This book is all about the life of Leonardo da Vinci and all of his various interests. It is written by Walter Isaacson, a famous author that also wrote The Innovators, which I also reviewed here.
As you are probably aware, Da Vinci was a very curious person and was ahead of his time in the many varied fields he was interested in such as anatomy and optics. Most of the information in this book comes from notes still in existence Da Vinci wrote about his many interests. Apparently, it was common for people in the 1400’s and 1500’s to take extensive notes. His notes frequently included to-do-lists, one of which included the item “describe the tongue of the woodpecker”, which the author uses to illustrate Da Vinci’s famous curiosity.
My favorite parts of the book are the parts about things other than his paintings, such as his anatomy studies. The book explains that he did not finish many of the things that he started, including his paintings and his discoveries in the sciences. For a short time, he was assisted in his anatomy studies with a doctor that died in a plague. The author believes that the doctor would have helped Da Vinci to publish their joint discoveries and that they would have had a huge impact on medicine. This is only a small example of the things Da Vinci learned about due to his curiosity.
The author describes the criticism from the art world that his scientific curiosities served only to distract him from finishing more paintings and therefore prevented humanity from more artwork like the Mona Lisa. The author makes the point that his curiosities, specifically in anatomy and optics, gave him the knowledge that allowed him to paint his various masterpieces. The author gives several compelling examples of exactly how his studies in both anatomy and optics influenced his masterpieces The Mona Lisa and The Last Supper.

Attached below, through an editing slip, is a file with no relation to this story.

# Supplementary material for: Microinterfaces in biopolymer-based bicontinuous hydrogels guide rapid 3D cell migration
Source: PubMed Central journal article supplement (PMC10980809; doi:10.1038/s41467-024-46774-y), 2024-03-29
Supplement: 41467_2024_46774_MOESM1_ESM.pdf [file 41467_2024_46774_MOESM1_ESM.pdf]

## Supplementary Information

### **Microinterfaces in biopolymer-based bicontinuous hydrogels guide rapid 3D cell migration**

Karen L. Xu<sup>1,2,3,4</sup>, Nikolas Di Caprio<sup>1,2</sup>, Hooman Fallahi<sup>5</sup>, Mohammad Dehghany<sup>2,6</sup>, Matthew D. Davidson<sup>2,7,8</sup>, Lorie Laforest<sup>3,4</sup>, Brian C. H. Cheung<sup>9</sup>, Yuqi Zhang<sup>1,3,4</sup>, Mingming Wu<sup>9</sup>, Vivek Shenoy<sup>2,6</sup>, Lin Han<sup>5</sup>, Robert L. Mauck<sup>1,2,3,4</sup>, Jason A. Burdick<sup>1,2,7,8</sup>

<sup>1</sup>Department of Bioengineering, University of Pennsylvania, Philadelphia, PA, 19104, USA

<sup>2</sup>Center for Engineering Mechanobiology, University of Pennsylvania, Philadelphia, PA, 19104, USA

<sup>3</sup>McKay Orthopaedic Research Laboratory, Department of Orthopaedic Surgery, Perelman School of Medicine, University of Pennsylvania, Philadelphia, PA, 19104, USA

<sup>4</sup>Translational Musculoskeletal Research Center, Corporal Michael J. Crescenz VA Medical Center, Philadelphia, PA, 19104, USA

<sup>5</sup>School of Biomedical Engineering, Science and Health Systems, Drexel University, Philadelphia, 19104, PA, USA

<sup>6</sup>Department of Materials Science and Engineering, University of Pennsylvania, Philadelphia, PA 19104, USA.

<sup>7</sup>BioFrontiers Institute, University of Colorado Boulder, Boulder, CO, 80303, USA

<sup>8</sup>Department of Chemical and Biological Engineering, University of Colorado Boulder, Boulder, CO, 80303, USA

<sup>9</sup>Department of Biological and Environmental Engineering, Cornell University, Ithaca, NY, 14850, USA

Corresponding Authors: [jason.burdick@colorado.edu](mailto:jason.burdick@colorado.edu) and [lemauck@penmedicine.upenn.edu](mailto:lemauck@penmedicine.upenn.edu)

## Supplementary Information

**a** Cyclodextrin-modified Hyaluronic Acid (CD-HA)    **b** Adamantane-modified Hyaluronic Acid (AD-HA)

I also found the portion of the book about how paintings are certified as authentic Da Vinci artwork to be interesting. The fact that Da Vinci was left-handed is critical to the authentication process since he never signed any of his artwork. The authentication process for a disputed Da Vinci drawing discovered in the 1990’s is used to illustrate the authentication process.
I enjoyed this book a lot and I would suggest this to anyone that enjoys the art or sciences. The book provides the reason for his studies when they are known or can be reasonably guessed. I learned a lot about Da Vinci that I didn’t already know. I placed this on level 2. If you are interested in another deep dive into a historical figure, I would suggest checking out my review of Washington by Ron Chernow here.